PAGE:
The United Nations celebrated February 11, Women and Girls in Science Day, the aim being to ensure them free and full access to all fields of education – which is one of the sustainable development goals to be achieved 2030. Many of those feted were Indian. Still, according to UNESCO, less than 30 per cent of researchers worldwide are women and only 30 per cent of all female students opt for STEM subjects in higher education. At the UN’s virtual summit of experts held on that day, the focus was “Women Scientists at the Forefront of the Fight Against Covid-19.” The UN website, while acknowledging the critical role women played in the fight against the pandemic, also admitted that women scientists had been hit harder by the pandemic, the worst-hit being those at the early stages of their career, thus contributing to widening the gender gap in science. It said that this highlighted the need for new policy initiatives and mechanisms to support women and girls in science. The US embassy in India issued a statement for the day saying, “We celebrate all the brilliant women scientists and engineers who have made significant contributions in their field. From Anandi Gopal Joshi- the first Indian woman to study medicine abroad in the mid-1880s, to Kalpana Chawla, the first Indian American woman in space in 1997, women scientists and engineers continue to break glass ceilings and inspire the next generation.” A December 2020 Business Line report said India tops the world in women STEM graduates at 43% but employs only 14%. The gender pay gap is also large. A McKinsey report said that narrowing the gender gap can lead to an increase of $12-28 trillion in global economy. In the United States, a 2017-18 report by Catalyst, a global non-profit that helps large companies build suitable workplaces for women, says Asian women made up only 5.3% of those who got a bachelor’s degree in science and 6% of those employed in STEM. In the face of all odds, a few women of South Asian origin stood out for achieving great heights in science and technology in the past year. The most noteworthy is Bhavya Lal, who was appointed acting NASA chief last month, after becoming a senior White House appointee. A number of South Asian women made it to Forbes 30 under 30 in the past year for their accomplishments in science and technology.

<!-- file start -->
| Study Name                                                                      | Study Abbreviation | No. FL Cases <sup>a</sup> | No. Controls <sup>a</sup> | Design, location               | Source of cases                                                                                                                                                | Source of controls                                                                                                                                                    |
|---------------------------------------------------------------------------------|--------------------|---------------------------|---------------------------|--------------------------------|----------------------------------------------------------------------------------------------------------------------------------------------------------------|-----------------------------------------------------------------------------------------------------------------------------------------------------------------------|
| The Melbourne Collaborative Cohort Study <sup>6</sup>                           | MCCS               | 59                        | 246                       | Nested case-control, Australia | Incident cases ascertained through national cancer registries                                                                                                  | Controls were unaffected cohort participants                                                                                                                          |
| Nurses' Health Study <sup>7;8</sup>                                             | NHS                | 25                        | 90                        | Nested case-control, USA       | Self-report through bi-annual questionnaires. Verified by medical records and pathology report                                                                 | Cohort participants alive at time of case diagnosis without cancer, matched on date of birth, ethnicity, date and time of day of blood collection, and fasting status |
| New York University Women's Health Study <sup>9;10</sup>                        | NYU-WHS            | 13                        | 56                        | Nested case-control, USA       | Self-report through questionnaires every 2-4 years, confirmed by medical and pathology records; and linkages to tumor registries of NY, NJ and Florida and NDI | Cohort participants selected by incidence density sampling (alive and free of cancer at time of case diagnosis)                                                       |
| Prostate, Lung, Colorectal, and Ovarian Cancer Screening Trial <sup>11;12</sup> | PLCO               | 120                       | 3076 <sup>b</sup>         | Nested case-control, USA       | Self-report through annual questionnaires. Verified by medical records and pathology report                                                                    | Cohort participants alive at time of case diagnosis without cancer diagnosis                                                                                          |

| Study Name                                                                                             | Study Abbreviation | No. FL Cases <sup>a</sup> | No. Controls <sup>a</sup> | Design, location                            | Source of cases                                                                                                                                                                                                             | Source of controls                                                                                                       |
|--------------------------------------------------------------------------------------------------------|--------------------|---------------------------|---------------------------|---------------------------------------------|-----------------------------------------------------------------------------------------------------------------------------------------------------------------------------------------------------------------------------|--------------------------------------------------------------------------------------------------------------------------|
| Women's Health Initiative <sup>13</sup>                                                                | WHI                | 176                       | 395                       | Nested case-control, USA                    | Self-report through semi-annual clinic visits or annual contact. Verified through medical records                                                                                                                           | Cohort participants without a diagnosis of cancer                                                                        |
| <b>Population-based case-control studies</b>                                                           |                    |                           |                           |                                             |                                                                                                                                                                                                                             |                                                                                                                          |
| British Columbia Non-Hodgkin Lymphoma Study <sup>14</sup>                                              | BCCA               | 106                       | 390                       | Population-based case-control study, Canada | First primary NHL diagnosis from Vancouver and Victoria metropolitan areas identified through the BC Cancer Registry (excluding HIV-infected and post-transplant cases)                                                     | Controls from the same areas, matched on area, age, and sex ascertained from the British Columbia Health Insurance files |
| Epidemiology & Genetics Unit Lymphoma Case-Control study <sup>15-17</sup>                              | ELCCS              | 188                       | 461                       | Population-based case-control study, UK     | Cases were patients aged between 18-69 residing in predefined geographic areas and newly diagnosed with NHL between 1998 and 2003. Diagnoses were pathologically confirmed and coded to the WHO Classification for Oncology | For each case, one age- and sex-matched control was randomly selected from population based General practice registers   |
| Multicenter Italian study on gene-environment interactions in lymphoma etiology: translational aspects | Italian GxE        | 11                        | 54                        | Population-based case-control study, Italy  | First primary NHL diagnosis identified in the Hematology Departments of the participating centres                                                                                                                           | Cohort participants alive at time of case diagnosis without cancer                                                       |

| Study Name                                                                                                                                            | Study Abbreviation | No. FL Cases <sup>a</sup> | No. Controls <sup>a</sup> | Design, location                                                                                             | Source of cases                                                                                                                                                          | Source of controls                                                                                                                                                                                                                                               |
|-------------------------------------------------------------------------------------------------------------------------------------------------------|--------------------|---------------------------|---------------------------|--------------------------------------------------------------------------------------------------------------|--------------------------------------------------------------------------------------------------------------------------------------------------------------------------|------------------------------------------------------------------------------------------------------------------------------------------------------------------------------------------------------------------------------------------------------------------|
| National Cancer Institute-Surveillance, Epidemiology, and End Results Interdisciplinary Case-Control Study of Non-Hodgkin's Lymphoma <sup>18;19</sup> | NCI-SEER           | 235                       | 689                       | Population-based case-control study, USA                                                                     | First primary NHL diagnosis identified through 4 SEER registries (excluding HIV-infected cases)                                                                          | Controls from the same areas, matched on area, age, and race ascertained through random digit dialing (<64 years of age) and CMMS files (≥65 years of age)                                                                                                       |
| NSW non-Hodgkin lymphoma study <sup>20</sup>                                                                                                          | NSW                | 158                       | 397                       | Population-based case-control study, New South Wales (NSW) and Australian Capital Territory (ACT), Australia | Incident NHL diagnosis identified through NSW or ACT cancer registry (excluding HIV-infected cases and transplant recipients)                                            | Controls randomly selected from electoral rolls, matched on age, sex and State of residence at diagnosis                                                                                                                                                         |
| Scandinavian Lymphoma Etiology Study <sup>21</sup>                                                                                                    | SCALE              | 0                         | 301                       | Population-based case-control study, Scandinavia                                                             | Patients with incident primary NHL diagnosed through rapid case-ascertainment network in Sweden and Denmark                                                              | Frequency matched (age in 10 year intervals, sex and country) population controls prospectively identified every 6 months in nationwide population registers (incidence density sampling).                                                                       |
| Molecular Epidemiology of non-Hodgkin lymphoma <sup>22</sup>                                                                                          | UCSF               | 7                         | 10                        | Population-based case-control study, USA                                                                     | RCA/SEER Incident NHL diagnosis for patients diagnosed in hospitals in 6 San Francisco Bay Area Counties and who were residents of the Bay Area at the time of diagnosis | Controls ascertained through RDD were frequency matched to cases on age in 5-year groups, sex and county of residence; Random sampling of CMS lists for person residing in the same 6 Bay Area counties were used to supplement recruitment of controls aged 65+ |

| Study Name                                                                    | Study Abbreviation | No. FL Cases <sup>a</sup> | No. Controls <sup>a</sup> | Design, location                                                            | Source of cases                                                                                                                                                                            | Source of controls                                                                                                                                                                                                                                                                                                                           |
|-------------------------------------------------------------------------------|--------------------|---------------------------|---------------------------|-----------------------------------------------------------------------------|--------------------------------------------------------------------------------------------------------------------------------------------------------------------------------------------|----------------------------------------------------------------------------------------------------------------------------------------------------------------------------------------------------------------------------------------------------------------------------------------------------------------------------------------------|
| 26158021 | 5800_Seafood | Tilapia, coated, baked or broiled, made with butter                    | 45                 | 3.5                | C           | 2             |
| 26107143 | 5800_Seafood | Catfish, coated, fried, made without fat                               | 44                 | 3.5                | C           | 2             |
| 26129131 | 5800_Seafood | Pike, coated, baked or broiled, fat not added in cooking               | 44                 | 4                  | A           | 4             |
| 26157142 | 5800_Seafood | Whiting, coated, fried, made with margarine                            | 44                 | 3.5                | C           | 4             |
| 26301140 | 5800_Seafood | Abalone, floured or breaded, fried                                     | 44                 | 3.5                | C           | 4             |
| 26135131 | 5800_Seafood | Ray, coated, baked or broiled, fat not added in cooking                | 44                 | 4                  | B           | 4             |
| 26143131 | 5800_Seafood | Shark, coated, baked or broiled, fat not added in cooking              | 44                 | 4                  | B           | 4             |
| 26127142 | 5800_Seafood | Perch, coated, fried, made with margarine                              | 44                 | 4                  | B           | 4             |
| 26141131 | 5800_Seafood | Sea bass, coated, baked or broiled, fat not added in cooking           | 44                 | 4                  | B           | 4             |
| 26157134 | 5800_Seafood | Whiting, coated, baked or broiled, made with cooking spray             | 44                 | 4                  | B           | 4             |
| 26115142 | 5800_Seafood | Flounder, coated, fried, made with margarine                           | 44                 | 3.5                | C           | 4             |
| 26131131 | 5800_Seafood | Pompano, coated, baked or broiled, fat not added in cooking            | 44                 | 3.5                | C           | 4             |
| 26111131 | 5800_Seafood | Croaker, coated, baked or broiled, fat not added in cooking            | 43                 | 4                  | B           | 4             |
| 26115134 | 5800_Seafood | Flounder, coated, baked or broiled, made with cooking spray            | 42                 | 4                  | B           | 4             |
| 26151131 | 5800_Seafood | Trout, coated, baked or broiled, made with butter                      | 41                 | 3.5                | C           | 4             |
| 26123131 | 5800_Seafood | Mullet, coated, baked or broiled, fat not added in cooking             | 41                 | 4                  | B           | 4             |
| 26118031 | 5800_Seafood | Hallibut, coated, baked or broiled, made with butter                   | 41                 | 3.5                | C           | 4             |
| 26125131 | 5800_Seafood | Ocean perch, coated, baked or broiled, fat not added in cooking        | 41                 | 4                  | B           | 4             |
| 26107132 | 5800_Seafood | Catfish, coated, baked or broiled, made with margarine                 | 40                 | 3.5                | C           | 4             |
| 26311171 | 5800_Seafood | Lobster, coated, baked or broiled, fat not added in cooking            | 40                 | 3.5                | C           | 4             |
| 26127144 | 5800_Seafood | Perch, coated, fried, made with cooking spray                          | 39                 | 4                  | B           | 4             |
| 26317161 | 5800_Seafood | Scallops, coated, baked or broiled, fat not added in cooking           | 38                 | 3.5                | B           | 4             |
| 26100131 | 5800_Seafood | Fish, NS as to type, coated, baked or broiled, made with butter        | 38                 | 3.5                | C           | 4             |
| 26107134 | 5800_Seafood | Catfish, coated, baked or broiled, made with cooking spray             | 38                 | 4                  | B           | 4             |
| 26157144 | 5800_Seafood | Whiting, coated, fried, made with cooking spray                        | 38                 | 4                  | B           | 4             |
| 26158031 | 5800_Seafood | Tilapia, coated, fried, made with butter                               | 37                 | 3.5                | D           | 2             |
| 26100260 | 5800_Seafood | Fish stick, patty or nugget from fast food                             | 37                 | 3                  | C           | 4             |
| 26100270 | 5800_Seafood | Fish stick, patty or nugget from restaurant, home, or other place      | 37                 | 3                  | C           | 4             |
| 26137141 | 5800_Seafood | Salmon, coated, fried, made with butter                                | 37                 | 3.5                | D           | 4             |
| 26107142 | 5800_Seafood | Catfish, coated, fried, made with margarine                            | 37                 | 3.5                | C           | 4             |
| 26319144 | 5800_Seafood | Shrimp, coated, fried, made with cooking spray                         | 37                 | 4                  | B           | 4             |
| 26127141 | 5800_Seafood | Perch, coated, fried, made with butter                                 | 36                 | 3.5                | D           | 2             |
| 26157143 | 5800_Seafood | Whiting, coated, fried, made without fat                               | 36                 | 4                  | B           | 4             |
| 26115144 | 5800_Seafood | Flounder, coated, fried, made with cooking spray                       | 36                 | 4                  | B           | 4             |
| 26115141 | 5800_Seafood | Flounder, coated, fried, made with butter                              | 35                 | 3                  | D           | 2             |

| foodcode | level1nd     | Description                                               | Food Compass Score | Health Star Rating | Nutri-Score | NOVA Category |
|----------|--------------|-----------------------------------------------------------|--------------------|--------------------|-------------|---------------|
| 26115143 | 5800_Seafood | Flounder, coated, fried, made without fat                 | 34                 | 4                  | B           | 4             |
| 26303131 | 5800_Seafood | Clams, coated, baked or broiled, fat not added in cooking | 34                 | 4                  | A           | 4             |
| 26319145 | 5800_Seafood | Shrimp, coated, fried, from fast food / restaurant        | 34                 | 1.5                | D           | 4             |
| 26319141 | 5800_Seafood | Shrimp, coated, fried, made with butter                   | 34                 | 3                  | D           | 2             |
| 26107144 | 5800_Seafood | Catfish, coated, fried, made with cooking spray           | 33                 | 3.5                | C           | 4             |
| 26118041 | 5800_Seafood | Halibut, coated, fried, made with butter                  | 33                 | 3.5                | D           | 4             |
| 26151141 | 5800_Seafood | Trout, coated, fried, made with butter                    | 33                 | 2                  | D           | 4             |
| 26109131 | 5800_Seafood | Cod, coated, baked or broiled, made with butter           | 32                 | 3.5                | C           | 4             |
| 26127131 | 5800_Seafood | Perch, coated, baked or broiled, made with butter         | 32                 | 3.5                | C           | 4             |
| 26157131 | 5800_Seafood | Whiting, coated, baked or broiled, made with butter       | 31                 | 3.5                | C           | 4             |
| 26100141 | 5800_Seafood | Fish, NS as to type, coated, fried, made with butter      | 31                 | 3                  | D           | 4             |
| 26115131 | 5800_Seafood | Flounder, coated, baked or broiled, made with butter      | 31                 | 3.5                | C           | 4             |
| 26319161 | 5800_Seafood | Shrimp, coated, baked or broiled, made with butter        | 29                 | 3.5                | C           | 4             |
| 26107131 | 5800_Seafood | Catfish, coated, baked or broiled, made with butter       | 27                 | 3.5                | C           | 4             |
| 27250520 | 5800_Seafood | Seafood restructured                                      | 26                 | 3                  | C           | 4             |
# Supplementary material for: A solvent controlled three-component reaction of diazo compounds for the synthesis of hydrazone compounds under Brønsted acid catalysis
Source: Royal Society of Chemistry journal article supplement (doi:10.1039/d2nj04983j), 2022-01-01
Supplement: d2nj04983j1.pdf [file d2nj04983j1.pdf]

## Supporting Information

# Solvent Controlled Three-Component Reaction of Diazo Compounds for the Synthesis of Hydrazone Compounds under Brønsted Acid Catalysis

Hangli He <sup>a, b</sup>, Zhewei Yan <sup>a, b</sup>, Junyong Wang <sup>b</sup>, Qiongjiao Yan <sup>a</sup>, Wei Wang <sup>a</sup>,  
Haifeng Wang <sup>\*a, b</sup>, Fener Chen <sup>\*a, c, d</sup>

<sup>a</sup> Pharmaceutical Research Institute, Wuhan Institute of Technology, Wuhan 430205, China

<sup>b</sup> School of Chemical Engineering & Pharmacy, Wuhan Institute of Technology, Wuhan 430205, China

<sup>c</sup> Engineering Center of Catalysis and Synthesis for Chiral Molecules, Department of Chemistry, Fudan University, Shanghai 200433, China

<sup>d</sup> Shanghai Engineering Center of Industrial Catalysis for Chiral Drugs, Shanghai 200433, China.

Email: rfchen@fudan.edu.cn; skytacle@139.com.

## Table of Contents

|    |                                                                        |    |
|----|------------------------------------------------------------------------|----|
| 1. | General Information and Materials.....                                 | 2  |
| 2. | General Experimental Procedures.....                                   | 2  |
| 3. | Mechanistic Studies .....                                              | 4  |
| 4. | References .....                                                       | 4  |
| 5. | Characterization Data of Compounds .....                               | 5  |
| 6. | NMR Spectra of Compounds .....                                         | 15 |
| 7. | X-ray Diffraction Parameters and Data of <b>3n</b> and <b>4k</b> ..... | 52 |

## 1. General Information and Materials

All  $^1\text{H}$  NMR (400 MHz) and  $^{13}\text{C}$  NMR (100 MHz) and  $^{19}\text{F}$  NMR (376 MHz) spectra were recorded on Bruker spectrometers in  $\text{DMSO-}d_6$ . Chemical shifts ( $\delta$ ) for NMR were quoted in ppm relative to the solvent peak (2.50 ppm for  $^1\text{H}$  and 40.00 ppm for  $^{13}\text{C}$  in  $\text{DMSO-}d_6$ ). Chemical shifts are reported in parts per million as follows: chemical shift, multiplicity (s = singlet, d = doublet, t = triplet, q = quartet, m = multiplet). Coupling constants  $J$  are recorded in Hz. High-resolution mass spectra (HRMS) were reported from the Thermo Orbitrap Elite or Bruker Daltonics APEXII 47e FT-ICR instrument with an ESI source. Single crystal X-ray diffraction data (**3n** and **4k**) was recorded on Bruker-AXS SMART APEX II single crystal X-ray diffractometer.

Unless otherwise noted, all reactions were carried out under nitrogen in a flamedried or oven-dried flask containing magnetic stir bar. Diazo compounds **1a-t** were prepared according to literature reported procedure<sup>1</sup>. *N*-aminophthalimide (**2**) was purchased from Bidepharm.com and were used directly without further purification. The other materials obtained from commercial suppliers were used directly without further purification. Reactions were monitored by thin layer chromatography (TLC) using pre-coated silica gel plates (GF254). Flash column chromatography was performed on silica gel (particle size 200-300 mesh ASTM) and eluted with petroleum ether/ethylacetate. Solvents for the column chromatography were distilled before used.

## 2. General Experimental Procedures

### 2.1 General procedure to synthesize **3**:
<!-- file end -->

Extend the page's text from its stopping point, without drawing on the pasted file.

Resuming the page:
Prakriti Gaba, 28, physician and researcher at Harvard Medical School, was on the frontlines of the Covid-19 pandemic at New York Presbyterian Hospital. She is an advocate for change to speedier up trials for new treatments and has authored an important article on the subject in Nature Reviews Cardiology.
Pooja Chandrashekar, 23, also at Harvard Medical School, was commended for her research using data analytics to improve the quality of care. During the pandemic she started a healthcare literacy project to translate Covid-related information into more than 40 languages. She is also founder and CEO of Project CSGirls, an international non-profit working to close the technology gender gap through competition, and regional programs to teach middle school girls how to use technology for social good.
Suman Sherwani, 28, space systems and design engineer at the University of Iowa, was lauded to her effort to unravel “the mysterious interactions between the sun and Earth’s magnetic field.” She is project manager for a $7.6 million effort to develop a magnetic field instrument for a 2023 satellite mission.
Aashna Mehra, who got a bachelor’s degree in engineering from Princeton University, was commended by Forbes for her work at New Energy Capital Partners that invests in clean energy infrastructure.
Deepa Subramaniam made it to the Fortune 40 under 40 list for her work in digital and engineering product and design work at American Civil Liberties Union.
Then there have been teen trailblazers like Gitanjali Rao, 15, who was named the first-ever Time Kid of the Year, for applying scientific ideas to real-world problems; Anika Chebrolu, 14, who won the 3M Young Scientists Award for discovering a potential therapy for Covid-19 and Ishana Kumar, 12, won a Broadcom Masters award for her work addressing eye disease and cognitive processing. All of them are role models for the female students, who are needed desperately in STEM fields of study and work, if the world is to ensure sustainable growth and development.